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Sarbanes Oxley and data integrity

The entire corporation is benefiting from legislation. And in our litigious, red tape world, that is truly remarkable.

This article originally appeared on the BeyeNETWORK.

Not so long ago, corporate financial statements were governed by independent accounting firms which followed GAAP and FASB standards. Investors were assured that they could rely on the financial pronouncements of the companies found on Wall Street. Indeed, thousands of companies for years faithfully and honestly made their quarterly reports. 

Then along came Enron, WorldCom, Global Crossings and others. There was an element of dishonesty that arose in some areas of these companies. Some accountants’ dishonest financial misstatements created a black mark on big business. If you have paid attention for the past few years, you cannot help but notice that there is new legislation known as Sarbanes Oxley. The intent of Sarbanes Oxley is to restore the public’s confidence in business through strictly regulated financial reporting. If violations of Sarbanes Oxley occur, your executive management can go to jail for financial misrepresentation of the state of the corporation. 

I am not one to cheer for more red tape. We have to deal with enough just to get through daily life. But Sarbanes Oxley and its requirements are red tape that is having a real impact. And as far as I can tell, that impact is very positive. 

There are far reaching consequences of Sarbanes Oxley, some of them intended and some of them probably not. The intended consequence – that of having financial responsibility being taken by the officers of a company – is probably being met and in that regard the legislators have succeeded admirably.  There are some other side benefits. One of these is that it is not so easy for the corporate officers to pander to the Wall Street analysts. And that can only be seen as a very good thing.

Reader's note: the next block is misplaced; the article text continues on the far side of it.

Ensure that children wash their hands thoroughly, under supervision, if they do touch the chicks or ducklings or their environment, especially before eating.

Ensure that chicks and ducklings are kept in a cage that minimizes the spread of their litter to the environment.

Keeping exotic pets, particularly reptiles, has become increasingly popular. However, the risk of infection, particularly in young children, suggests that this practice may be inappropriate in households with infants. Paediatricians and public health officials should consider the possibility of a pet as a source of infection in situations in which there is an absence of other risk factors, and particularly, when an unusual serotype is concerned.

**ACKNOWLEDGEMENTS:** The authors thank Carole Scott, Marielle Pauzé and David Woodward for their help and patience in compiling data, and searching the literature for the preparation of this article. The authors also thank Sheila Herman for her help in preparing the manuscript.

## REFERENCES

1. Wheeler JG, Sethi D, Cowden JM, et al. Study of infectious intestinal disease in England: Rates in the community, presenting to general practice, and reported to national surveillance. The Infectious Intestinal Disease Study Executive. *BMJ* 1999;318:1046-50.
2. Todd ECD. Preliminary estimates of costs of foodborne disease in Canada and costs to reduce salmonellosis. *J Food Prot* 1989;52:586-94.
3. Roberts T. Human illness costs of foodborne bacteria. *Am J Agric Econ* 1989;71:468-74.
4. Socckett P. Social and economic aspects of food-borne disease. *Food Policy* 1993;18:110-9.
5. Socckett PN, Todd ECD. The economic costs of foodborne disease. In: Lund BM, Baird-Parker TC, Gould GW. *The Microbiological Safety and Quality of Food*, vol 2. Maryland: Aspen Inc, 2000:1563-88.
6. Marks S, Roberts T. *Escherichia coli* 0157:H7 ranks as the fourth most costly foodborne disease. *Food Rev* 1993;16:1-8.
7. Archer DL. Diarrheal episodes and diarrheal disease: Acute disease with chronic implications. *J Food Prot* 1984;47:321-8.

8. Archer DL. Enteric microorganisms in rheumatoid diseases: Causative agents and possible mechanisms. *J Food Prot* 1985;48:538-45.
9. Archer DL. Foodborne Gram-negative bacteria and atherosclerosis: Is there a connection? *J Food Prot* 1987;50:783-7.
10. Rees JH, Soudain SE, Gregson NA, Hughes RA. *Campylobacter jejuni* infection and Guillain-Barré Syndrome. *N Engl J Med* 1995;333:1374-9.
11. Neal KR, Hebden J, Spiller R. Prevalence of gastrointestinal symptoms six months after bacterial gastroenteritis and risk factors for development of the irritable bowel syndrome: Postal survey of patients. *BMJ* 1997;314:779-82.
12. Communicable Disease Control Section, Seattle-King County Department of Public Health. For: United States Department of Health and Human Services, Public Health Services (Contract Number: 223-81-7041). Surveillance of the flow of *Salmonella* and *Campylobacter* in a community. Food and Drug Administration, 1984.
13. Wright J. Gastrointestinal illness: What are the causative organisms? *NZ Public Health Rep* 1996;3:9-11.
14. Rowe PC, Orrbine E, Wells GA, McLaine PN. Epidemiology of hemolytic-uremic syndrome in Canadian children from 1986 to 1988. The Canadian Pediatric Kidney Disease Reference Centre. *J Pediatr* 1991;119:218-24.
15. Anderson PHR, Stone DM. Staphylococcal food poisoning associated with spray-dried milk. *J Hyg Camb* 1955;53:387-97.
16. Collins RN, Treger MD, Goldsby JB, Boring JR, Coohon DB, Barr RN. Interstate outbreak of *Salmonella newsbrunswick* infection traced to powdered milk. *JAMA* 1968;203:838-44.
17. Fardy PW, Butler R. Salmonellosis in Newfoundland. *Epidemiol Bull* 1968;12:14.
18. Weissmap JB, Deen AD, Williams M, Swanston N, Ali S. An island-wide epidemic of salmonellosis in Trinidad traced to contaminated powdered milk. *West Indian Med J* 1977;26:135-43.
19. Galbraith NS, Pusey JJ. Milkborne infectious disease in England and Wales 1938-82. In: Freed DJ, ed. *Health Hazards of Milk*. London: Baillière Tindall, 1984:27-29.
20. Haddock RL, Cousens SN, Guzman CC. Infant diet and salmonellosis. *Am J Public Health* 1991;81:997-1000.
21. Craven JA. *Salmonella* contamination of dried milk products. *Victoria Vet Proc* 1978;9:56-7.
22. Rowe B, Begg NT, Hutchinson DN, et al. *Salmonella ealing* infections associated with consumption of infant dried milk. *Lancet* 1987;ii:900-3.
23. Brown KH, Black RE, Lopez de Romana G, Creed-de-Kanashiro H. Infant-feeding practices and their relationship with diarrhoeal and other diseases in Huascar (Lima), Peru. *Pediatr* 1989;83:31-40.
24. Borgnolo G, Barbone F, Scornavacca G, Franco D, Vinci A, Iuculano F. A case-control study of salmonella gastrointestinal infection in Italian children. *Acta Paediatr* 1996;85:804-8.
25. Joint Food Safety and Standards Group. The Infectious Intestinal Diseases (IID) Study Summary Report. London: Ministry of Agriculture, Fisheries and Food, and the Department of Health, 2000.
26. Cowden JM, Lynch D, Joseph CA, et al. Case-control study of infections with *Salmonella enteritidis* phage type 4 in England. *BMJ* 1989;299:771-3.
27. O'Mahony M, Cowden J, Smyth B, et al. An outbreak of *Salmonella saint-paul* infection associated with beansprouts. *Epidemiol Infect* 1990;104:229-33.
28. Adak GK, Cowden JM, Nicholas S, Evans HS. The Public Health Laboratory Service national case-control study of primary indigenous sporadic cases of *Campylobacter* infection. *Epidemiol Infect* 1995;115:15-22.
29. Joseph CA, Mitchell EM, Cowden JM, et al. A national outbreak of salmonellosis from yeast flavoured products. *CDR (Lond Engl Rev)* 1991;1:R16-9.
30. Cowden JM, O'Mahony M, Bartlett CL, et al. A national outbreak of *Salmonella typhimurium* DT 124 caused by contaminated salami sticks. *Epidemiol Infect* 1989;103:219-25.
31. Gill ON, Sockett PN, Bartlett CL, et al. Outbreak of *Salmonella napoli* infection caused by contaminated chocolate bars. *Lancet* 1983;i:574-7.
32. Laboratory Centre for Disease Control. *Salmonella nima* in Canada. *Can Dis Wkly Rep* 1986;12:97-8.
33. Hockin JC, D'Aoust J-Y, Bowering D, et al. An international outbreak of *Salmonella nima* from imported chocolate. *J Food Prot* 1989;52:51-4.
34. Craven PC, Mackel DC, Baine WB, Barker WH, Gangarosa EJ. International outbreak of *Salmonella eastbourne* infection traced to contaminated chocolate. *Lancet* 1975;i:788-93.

There is also another important far-reaching effect of Sarbanes Oxley, and that effect is that now – for the first time in many corporations – there is an awareness of the importance of the need for data quality and the need for enterprise information. 

For years, Larry English and his followers have been promoting data quality. Their message has always been a legitimate one. But in most organizations data quality was pushed to the back burner. There simply was not a lot of impetus to get to be serious about data quality. There were always more pressing projects – Year 2000, eBusiness, ERP, etc. All these other projects were more glamorous than data quality. But now – with Sarbanes Oxley - data quality is required and is no longer an orphan project. 

The other side effect of Sarbanes Oxley has been in the enterprise data arena. Prior to Sarbanes Oxley, many corporations simply never embraced the concept of enterprise data. There were excuses for not doing enterprise data. My friend Susan Osterfelt had a famous presentation she often made – “50 whining excuses for not doing enterprise data.” If you ever saw Susan do this presentation you would never forget it.